Commentary

Jack Kemp — A Dissenting View

I know I’ll probably catch hell for saying this, but no matter how nice a fellow Jack Kemp was, no matter how genuine his care for the poor might have been, no matter how compelling a political figure he was, and no matter how inspiring he was to a generation of young conservatives — and he was all of those things, as has been pointed out repeatedly — I think his political career ultimately did the cause of limited government more harm than good.

Jack Kemp was greatly responsible for the now widely embraced GOP argument that cutting federal spending is for the most part economically unnecessary and politically counterproductive. Cut taxes, he argued, and we’ll have more than enough federal money to cover existing federal spending commitments, more economic growth to enjoy, and more voters to win. Like Newt Gingrich, his complaint about government was that it went about its job inefficiently, not that it went about doing things that the federal government simply shouldn’t be doing. Ambitious calls to cut federal expenditures during the Reagan years constantly ran into opposition from Jack Kemp.

It sure would be nice if tax cuts alone could deliver all of the wonders advertised by Jack Kemp, but alas, that proved not to be the case. Tax cuts in lieu of spending cuts neither starved the beast nor made government more affordable. It proved politically popular (for a while at least), but it simply transferred wealth from the future to the present and put the first nail (of many to come) in the coffin of the political movement launched by Barry Goldwater. Jack Kemp was not simply unenthusiastic about budget cutting; he was positively hostile to it.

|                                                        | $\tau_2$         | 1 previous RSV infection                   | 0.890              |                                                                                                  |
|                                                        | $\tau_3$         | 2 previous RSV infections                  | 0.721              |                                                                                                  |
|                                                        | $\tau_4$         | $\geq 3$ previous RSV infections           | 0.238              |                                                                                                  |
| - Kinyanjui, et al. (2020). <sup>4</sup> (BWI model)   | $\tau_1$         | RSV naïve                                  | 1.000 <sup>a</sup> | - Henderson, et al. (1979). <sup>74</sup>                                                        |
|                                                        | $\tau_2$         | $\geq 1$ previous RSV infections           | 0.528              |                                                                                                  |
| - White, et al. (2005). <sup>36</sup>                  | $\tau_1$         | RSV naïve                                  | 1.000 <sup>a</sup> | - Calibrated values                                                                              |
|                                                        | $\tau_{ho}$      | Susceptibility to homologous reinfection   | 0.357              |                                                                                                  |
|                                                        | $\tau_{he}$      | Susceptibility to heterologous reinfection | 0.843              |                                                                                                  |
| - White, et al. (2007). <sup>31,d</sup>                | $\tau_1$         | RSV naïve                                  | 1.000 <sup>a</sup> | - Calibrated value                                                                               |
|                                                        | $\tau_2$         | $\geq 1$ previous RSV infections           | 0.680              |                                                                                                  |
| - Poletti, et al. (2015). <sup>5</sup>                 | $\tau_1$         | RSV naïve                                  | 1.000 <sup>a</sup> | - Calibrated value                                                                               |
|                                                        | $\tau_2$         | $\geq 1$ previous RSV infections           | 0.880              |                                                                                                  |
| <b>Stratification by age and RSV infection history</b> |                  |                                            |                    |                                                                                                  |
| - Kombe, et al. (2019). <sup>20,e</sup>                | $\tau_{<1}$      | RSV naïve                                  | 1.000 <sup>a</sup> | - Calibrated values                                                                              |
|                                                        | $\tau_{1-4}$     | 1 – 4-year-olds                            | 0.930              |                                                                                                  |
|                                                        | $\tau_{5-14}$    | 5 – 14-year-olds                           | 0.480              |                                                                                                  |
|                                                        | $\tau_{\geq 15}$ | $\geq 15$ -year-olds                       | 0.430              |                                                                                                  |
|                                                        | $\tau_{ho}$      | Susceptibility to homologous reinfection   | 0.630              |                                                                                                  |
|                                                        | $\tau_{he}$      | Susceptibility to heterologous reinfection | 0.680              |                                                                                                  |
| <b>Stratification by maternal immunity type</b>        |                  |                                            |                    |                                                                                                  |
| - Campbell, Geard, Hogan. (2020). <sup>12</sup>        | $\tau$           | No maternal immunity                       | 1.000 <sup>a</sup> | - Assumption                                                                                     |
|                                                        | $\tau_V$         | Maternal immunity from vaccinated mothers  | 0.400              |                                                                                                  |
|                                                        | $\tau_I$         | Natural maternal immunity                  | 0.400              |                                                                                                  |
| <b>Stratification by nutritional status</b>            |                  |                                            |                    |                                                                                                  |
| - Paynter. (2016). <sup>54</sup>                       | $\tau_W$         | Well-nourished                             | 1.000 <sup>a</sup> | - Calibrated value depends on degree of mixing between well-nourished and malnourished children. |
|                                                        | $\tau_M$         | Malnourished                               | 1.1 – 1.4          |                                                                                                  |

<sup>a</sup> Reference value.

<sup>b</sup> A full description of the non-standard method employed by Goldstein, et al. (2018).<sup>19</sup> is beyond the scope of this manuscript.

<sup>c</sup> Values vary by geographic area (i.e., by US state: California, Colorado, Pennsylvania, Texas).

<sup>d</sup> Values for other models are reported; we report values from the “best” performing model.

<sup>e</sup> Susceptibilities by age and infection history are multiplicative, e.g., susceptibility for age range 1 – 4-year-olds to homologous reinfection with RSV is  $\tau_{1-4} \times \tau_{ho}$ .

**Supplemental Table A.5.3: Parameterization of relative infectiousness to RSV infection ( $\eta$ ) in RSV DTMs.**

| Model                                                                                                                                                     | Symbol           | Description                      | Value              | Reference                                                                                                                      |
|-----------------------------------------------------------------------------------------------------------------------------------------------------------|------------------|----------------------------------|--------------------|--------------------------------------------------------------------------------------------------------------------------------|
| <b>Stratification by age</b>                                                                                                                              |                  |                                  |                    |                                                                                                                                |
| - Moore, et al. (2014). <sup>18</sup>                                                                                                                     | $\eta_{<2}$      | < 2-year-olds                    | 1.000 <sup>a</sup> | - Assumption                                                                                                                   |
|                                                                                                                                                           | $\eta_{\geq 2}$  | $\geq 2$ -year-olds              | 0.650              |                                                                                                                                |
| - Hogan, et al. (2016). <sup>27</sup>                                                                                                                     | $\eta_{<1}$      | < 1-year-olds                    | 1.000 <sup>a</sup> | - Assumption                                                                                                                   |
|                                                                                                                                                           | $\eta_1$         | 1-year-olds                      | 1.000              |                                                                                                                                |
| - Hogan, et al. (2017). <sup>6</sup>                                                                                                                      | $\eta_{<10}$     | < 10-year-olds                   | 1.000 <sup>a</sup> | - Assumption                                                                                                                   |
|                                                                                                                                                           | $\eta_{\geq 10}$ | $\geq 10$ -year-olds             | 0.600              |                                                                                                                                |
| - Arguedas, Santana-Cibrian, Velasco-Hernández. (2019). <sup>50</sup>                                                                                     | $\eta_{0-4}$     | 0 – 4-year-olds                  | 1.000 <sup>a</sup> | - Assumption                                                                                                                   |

While Jack Kemp’s many speeches in defense of capitalism and entrepreneurship were often inspiring, he never understood what Milton Friedman spent a lifetime patiently explaining: that government spending was the true tax on the private sector. One way or another, all federal dollars come from the private (productive) sector. They might be taxed away, of course, but they might also be borrowed (meaning that taxpayers tomorrow will pay for spending today … with interest!) or confiscated indirectly via the printing press (that is, via inflation).

The same holds true for the campaign to rein in federal regulation. From union rules to racial preferences, Jack Kemp often kept company with those who wished to use state power to advance some vision of the public good. While it’s nice to see a Republican actually care about the public good, it’s not so nice to see conservatives embracing government force to secure those visions.

And while Jack Kemp often spoke passionately against foreign tyranny, his rhetorical and political opposition to the same broke down when personal gain was in play. His paid lobbying efforts to defend Hugo Chávez against political attack here in the United States were terribly disappointing to those of us who were once inspired by his eloquent appreciation for human liberty.

Jack Kemp had many, many positive personal and political qualities. But the sooner conservatives put his policy agenda behind them, the sooner they can become serious about doing what God put them on this earth to do — rolling back the state.

Jerry Taylor is a senior fellow at the Cato Institute.